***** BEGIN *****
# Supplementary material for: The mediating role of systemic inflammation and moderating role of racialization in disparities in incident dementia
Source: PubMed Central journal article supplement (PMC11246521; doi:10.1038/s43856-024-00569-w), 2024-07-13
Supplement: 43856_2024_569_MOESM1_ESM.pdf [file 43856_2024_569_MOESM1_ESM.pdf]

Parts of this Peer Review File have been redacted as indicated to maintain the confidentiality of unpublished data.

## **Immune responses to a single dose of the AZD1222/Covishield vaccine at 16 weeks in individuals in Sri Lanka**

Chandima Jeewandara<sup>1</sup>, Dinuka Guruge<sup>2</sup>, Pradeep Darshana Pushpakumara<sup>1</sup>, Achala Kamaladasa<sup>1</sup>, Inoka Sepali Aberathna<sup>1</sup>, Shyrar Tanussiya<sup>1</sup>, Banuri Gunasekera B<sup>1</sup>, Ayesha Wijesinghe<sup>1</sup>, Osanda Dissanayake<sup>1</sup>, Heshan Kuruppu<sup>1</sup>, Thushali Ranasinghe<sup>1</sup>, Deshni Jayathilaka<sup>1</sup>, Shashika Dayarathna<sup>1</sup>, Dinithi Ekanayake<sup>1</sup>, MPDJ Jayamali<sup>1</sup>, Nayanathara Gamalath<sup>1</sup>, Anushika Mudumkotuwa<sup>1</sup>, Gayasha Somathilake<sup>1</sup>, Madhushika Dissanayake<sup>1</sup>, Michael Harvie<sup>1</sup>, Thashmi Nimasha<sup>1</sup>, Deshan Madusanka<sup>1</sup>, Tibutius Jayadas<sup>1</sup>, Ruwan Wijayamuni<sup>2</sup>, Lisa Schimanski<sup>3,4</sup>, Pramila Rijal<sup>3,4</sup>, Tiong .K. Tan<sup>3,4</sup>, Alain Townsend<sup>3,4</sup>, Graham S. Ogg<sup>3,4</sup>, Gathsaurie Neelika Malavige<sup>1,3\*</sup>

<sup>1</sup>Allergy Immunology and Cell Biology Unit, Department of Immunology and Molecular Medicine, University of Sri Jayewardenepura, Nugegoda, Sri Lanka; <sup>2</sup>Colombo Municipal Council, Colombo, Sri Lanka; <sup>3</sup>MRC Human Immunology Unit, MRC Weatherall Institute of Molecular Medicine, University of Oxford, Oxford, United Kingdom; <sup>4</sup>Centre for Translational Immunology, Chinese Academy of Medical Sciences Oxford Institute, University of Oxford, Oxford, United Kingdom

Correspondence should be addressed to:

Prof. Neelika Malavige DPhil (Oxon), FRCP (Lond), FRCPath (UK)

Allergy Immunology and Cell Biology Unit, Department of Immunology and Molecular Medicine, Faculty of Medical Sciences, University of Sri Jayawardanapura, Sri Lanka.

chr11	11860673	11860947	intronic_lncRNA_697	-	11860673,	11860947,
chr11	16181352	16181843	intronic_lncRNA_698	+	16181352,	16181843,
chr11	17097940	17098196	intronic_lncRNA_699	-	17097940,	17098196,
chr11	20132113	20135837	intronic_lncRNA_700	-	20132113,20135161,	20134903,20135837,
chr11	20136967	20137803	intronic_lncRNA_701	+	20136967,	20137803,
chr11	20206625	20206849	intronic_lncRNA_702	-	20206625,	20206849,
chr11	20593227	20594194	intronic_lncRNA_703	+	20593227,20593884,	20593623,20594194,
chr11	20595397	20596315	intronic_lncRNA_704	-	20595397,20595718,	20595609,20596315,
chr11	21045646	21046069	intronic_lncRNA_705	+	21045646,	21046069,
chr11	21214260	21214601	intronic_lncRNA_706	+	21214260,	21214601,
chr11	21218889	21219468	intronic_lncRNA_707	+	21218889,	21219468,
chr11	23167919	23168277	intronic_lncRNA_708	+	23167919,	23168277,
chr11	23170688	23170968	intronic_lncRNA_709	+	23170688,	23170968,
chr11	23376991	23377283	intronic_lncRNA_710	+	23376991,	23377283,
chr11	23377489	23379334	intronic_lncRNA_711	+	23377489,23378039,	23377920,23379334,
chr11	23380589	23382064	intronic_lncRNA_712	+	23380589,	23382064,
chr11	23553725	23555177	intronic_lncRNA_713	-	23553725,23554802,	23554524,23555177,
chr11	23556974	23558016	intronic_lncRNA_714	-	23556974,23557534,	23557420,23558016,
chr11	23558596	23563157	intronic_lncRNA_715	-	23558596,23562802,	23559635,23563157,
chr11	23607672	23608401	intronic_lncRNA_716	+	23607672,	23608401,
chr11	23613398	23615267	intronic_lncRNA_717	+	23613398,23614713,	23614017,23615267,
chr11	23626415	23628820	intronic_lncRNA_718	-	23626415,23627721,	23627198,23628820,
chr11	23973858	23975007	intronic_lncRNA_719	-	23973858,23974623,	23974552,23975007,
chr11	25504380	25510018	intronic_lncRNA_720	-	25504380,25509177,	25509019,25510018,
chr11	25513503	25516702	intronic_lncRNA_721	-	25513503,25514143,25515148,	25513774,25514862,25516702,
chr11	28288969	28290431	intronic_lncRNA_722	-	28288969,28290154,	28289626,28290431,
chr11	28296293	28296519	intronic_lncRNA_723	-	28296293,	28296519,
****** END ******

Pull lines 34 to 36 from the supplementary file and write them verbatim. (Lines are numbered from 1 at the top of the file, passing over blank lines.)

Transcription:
chr11	25504380	25510018	intronic_lncRNA_720	-	25504380,25509177,	25509019,25510018,
chr11	25513503	25516702	intronic_lncRNA_721	-	25513503,25514143,25515148,	25513774,25514862,25516702,
chr11	28288969	28290431	intronic_lncRNA_722	-	28288969,28290154,	28289626,28290431,